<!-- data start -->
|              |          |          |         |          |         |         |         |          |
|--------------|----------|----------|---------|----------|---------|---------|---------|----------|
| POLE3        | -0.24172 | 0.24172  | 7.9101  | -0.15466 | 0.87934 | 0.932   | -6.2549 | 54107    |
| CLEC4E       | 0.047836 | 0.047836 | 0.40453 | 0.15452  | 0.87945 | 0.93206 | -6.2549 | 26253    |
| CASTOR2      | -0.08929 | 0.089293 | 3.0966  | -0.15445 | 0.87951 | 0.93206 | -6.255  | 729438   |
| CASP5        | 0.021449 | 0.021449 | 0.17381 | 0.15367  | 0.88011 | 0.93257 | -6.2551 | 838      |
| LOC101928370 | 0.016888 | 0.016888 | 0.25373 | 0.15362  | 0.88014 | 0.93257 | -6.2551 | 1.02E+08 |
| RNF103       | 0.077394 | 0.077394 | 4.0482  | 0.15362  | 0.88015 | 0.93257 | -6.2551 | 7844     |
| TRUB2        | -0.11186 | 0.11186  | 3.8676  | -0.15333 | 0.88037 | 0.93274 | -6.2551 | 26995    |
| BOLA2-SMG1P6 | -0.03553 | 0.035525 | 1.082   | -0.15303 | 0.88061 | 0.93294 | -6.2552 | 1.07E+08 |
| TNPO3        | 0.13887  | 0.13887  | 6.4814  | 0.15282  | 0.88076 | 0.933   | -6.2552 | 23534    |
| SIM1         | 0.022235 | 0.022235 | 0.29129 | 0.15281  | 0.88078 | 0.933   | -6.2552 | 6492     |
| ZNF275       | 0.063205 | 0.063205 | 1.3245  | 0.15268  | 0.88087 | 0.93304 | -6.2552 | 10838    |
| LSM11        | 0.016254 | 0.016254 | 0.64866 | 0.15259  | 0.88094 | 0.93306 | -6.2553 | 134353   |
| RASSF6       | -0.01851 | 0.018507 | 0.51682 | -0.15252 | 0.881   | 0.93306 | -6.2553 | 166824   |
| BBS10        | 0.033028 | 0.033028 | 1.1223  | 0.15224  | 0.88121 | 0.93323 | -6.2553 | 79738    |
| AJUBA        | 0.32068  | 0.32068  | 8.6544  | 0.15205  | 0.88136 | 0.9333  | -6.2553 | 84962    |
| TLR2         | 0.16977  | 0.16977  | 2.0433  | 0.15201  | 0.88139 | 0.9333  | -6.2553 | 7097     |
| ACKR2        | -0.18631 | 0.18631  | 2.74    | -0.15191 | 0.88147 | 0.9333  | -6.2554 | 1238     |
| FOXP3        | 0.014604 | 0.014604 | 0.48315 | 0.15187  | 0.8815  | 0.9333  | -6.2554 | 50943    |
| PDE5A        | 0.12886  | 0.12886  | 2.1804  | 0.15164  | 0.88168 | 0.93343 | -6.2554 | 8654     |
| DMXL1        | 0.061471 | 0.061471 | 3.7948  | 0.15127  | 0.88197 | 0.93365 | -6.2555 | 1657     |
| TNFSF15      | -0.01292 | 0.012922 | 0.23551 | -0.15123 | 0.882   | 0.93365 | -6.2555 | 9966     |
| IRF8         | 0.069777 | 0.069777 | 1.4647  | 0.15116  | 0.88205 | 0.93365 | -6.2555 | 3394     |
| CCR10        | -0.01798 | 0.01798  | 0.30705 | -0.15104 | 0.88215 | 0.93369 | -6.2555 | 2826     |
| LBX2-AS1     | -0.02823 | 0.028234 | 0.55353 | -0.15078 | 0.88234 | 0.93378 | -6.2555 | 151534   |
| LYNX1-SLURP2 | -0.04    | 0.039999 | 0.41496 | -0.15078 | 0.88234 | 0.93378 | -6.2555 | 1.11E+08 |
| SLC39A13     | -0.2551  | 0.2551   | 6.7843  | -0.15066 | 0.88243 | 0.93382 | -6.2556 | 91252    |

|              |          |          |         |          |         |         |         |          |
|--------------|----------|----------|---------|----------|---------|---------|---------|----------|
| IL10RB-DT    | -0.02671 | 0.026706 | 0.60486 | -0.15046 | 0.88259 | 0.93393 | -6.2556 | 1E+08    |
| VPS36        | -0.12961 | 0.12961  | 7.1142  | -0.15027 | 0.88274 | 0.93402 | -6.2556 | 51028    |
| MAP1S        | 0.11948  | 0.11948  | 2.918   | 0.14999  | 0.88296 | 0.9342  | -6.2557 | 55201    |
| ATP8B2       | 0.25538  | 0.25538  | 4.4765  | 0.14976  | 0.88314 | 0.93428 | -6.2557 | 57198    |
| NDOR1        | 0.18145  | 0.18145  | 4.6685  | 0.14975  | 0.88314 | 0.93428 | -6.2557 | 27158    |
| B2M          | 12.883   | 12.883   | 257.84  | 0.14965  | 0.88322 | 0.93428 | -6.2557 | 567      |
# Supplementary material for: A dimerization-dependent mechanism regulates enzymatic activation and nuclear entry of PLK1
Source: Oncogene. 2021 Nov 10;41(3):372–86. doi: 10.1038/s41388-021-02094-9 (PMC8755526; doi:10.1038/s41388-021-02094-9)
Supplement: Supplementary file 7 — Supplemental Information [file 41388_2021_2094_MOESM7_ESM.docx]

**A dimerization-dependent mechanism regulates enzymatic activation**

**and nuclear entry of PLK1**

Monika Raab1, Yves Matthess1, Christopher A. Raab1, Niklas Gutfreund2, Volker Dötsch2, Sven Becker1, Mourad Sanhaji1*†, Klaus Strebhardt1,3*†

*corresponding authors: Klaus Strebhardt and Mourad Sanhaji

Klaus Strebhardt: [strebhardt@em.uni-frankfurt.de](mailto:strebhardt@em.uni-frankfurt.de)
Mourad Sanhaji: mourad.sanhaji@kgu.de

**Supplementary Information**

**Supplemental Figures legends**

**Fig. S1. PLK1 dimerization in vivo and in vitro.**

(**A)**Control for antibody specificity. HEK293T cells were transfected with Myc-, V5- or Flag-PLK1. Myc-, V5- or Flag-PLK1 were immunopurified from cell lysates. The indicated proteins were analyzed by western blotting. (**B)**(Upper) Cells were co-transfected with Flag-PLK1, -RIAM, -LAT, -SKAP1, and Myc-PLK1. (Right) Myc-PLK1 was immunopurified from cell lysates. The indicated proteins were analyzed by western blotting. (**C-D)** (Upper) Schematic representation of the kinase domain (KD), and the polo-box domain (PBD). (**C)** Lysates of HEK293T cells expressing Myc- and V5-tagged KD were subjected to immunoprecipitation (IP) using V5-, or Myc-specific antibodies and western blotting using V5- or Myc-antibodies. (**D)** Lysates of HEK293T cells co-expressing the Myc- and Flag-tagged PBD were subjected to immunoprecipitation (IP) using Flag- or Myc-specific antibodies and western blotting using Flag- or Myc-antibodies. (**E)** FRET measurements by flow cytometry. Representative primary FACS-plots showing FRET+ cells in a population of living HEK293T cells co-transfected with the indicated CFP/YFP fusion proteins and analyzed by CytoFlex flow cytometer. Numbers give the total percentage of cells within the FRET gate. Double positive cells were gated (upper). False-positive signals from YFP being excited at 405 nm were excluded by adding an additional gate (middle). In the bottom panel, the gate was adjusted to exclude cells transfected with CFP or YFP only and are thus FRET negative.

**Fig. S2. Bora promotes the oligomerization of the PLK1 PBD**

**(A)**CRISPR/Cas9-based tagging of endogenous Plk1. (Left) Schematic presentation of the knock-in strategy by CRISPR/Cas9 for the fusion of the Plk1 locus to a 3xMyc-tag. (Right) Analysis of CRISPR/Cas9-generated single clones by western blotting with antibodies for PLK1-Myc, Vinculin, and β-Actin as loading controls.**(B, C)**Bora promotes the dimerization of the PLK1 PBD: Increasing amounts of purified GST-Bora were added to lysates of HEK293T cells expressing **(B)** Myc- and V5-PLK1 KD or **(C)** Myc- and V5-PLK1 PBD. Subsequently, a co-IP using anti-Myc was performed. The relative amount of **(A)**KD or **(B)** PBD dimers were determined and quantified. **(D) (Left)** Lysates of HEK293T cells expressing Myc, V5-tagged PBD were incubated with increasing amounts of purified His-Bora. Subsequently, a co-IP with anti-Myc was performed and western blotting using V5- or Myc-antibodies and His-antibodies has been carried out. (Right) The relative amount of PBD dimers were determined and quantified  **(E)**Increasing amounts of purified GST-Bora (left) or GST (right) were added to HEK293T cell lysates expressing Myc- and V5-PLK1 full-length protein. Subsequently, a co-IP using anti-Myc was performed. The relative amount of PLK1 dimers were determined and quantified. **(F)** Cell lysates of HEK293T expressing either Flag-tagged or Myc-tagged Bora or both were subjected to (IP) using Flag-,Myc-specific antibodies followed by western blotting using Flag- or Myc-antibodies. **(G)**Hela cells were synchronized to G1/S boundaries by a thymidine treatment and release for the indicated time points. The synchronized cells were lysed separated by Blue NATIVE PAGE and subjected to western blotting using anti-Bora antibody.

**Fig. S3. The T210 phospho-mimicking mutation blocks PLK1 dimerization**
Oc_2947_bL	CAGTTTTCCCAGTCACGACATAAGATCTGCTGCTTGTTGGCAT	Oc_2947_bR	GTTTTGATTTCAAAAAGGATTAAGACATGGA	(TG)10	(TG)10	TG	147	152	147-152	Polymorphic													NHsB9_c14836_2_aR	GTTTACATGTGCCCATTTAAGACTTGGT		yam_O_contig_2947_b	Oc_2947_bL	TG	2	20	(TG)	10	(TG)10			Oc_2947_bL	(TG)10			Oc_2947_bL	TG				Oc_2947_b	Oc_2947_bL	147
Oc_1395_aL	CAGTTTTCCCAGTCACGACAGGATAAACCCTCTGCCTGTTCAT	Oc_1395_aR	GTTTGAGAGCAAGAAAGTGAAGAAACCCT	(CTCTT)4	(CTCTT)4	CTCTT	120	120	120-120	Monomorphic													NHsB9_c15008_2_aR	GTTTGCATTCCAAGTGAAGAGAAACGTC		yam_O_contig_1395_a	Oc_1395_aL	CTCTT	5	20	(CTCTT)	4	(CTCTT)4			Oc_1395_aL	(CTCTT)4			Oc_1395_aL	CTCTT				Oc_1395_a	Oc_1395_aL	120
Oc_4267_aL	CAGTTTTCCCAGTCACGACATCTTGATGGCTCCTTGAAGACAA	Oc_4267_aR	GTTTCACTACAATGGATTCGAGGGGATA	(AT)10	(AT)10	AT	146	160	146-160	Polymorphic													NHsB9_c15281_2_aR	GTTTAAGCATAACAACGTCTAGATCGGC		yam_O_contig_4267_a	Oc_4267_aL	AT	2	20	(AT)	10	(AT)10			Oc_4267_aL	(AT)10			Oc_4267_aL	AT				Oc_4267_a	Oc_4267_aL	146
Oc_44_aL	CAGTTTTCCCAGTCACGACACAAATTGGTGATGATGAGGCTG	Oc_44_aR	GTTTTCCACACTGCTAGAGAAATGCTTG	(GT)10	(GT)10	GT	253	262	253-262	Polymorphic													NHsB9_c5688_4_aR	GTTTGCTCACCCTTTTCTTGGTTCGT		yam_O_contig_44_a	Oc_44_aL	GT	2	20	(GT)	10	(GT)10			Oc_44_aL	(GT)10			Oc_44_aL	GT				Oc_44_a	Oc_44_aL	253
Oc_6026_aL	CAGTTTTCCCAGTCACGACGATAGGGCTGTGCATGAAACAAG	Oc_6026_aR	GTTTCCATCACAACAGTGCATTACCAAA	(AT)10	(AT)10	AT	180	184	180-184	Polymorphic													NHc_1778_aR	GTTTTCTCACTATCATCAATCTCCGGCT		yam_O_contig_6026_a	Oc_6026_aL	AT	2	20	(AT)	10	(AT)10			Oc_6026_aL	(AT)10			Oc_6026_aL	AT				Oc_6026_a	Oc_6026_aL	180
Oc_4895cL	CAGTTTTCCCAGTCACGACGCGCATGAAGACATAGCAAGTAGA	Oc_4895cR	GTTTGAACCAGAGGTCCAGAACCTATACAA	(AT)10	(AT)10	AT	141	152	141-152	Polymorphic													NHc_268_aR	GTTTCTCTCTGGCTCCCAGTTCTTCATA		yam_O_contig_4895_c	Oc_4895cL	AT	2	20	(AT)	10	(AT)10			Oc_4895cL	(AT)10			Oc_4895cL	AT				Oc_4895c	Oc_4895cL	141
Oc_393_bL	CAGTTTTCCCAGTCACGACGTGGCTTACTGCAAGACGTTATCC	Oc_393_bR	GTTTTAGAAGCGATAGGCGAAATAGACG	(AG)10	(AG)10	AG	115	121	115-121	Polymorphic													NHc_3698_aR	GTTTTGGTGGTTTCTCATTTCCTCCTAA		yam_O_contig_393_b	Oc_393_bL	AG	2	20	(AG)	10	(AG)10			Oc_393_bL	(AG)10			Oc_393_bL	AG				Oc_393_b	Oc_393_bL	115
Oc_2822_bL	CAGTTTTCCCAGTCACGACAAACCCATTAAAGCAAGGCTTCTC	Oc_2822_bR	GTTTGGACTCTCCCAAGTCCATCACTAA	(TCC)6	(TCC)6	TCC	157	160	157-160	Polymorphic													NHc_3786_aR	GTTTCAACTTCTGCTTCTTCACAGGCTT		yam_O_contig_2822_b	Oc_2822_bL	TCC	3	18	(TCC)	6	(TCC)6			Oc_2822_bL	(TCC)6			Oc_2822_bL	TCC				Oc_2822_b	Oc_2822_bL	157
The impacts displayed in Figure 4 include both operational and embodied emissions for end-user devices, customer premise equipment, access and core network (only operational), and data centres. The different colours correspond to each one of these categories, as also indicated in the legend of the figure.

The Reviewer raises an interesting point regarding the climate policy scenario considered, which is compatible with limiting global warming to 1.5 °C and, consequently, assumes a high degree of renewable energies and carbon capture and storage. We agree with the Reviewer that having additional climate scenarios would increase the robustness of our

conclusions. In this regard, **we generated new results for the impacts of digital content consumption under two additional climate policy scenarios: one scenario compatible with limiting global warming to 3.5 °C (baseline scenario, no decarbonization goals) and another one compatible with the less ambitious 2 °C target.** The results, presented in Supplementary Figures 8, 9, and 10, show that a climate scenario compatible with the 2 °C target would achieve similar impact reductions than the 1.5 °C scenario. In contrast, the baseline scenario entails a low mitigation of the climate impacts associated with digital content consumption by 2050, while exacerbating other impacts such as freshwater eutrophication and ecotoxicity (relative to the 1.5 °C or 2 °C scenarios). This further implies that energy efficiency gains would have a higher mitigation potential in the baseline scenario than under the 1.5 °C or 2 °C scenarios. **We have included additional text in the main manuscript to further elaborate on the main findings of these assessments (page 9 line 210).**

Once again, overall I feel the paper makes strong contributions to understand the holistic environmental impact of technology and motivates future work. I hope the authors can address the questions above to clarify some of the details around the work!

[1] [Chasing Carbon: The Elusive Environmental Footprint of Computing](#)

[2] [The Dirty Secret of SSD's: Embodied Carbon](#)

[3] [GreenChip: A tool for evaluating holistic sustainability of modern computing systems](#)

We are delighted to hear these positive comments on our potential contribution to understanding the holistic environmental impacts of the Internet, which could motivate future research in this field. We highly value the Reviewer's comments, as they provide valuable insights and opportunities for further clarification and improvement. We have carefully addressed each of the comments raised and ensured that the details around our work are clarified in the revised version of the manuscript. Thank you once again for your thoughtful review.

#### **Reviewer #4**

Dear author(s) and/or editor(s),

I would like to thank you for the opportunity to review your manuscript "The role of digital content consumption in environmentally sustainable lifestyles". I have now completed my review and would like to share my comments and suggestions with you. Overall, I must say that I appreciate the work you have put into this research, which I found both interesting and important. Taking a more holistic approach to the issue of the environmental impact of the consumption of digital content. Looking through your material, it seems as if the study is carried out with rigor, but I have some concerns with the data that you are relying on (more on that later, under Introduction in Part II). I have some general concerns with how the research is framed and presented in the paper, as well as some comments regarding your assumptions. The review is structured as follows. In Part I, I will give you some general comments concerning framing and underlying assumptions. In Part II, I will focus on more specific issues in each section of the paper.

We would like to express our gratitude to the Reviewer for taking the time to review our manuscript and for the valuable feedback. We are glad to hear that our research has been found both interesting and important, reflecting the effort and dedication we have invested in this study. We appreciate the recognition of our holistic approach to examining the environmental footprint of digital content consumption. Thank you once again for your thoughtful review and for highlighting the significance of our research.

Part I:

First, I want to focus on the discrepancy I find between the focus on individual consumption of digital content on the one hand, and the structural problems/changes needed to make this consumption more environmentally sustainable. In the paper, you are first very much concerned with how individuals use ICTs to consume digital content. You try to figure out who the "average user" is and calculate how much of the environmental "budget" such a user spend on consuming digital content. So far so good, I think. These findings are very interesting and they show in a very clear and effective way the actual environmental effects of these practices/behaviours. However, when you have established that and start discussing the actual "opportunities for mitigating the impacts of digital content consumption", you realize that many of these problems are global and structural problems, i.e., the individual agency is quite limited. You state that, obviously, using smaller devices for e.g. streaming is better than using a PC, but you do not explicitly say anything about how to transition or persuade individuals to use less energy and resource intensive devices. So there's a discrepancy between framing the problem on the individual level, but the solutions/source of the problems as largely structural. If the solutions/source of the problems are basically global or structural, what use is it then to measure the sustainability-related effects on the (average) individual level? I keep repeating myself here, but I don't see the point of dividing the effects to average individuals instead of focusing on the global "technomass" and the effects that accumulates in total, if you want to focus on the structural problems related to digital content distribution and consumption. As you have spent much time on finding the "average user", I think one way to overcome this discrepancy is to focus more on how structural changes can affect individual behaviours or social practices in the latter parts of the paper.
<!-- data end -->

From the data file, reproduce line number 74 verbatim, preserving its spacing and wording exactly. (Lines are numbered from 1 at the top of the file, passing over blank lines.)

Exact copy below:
First, I want to focus on the discrepancy I find between the focus on individual consumption of digital content on the one hand, and the structural problems/changes needed to make this consumption more environmentally sustainable. In the paper, you are first very much concerned with how individuals use ICTs to consume digital content. You try to figure out who the "average user" is and calculate how much of the environmental "budget" such a user spend on consuming digital content. So far so good, I think. These findings are very interesting and they show in a very clear and effective way the actual environmental effects of these practices/behaviours. However, when you have established that and start discussing the actual "opportunities for mitigating the impacts of digital content consumption", you realize that many of these problems are global and structural problems, i.e., the individual agency is quite limited. You state that, obviously, using smaller devices for e.g. streaming is better than using a PC, but you do not explicitly say anything about how to transition or persuade individuals to use less energy and resource intensive devices. So there's a discrepancy between framing the problem on the individual level, but the solutions/source of the problems as largely structural. If the solutions/source of the problems are basically global or structural, what use is it then to measure the sustainability-related effects on the (average) individual level? I keep repeating myself here, but I don't see the point of dividing the effects to average individuals instead of focusing on the global "technomass" and the effects that accumulates in total, if you want to focus on the structural problems related to digital content distribution and consumption. As you have spent much time on finding the "average user", I think one way to overcome this discrepancy is to focus more on how structural changes can affect individual behaviours or social practices in the latter parts of the paper.